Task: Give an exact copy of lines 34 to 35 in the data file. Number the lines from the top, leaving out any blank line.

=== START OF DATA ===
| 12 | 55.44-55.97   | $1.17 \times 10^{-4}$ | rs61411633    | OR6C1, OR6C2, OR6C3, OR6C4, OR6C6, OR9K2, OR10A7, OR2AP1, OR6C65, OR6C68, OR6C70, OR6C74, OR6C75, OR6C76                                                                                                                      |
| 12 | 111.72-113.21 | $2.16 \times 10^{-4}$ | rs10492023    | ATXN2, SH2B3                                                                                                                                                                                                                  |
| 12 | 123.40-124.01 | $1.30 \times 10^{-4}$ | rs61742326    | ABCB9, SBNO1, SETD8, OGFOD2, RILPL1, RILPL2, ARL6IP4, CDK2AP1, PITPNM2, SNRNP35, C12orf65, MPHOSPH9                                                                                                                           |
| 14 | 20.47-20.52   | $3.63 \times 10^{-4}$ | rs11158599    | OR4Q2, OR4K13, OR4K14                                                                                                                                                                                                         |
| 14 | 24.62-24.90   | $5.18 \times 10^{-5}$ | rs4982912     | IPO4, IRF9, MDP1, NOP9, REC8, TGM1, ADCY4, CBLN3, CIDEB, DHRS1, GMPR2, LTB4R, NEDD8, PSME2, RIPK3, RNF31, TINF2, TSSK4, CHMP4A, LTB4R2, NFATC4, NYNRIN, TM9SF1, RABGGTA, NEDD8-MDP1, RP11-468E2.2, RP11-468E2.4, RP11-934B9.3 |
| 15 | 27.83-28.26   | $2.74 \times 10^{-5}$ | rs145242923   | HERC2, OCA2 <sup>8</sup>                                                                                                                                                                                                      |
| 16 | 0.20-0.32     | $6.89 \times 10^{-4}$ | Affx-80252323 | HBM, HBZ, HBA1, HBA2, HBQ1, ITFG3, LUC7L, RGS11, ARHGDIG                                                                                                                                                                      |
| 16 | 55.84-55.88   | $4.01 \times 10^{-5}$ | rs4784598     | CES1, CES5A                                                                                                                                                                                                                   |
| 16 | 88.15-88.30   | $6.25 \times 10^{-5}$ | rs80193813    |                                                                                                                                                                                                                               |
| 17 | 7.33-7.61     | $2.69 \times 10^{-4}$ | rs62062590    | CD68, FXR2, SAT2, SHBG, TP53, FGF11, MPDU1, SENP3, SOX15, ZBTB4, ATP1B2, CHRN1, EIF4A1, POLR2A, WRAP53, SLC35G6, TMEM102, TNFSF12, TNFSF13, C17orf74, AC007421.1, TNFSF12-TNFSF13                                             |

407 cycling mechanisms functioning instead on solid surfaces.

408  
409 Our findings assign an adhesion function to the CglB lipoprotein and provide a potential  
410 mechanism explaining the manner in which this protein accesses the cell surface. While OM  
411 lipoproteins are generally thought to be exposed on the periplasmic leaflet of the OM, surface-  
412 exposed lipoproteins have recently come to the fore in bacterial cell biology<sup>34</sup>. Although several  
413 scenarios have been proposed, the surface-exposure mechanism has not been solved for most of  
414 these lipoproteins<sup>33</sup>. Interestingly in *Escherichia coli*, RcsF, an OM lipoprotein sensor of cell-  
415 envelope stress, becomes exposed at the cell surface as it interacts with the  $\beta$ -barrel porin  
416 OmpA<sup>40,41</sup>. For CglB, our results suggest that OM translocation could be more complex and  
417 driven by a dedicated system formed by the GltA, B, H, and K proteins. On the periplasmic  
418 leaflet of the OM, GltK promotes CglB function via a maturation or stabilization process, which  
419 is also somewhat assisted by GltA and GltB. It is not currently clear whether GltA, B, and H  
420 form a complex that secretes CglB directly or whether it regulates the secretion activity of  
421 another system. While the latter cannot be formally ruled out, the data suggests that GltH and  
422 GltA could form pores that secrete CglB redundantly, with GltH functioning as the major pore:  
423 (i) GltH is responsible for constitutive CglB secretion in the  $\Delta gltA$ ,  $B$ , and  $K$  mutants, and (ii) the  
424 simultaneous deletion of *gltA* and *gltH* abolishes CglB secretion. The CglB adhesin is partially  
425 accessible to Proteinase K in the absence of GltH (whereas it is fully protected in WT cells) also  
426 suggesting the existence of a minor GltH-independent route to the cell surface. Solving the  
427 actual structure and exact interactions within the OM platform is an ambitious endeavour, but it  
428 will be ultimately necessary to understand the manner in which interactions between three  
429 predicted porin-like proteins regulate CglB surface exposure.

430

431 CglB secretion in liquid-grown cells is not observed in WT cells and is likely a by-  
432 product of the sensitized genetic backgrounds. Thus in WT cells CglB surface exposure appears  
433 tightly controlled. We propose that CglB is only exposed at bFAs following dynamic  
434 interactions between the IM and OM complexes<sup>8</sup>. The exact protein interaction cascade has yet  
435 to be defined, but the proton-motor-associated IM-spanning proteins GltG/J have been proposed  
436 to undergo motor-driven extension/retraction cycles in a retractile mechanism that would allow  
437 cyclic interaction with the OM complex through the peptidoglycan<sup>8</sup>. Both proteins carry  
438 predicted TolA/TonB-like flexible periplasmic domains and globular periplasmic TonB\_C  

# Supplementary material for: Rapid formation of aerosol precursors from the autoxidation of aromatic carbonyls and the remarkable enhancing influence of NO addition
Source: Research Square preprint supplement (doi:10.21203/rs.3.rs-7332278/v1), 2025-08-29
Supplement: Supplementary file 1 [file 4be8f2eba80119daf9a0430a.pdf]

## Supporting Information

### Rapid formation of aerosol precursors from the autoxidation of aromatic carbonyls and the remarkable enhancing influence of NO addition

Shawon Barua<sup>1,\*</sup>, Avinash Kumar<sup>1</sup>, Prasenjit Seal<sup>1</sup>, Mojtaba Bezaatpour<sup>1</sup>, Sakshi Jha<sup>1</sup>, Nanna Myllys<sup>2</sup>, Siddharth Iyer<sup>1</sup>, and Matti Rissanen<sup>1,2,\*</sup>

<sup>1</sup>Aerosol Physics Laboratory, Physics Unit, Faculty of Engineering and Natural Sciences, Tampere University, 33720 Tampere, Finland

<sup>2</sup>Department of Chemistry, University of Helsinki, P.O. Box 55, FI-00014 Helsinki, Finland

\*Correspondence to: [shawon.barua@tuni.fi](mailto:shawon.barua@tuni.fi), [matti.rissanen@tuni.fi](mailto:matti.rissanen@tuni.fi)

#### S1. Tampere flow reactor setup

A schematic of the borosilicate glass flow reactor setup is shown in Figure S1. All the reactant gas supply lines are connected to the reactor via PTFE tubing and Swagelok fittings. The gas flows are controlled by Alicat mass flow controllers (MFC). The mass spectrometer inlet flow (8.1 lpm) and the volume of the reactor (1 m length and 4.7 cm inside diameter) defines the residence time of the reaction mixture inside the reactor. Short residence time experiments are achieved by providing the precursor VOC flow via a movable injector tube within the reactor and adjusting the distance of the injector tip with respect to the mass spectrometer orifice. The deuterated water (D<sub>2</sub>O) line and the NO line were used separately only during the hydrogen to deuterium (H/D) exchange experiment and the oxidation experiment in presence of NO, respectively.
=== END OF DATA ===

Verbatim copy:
430

431 CglB secretion in liquid-grown cells is not observed in WT cells and is likely a by-  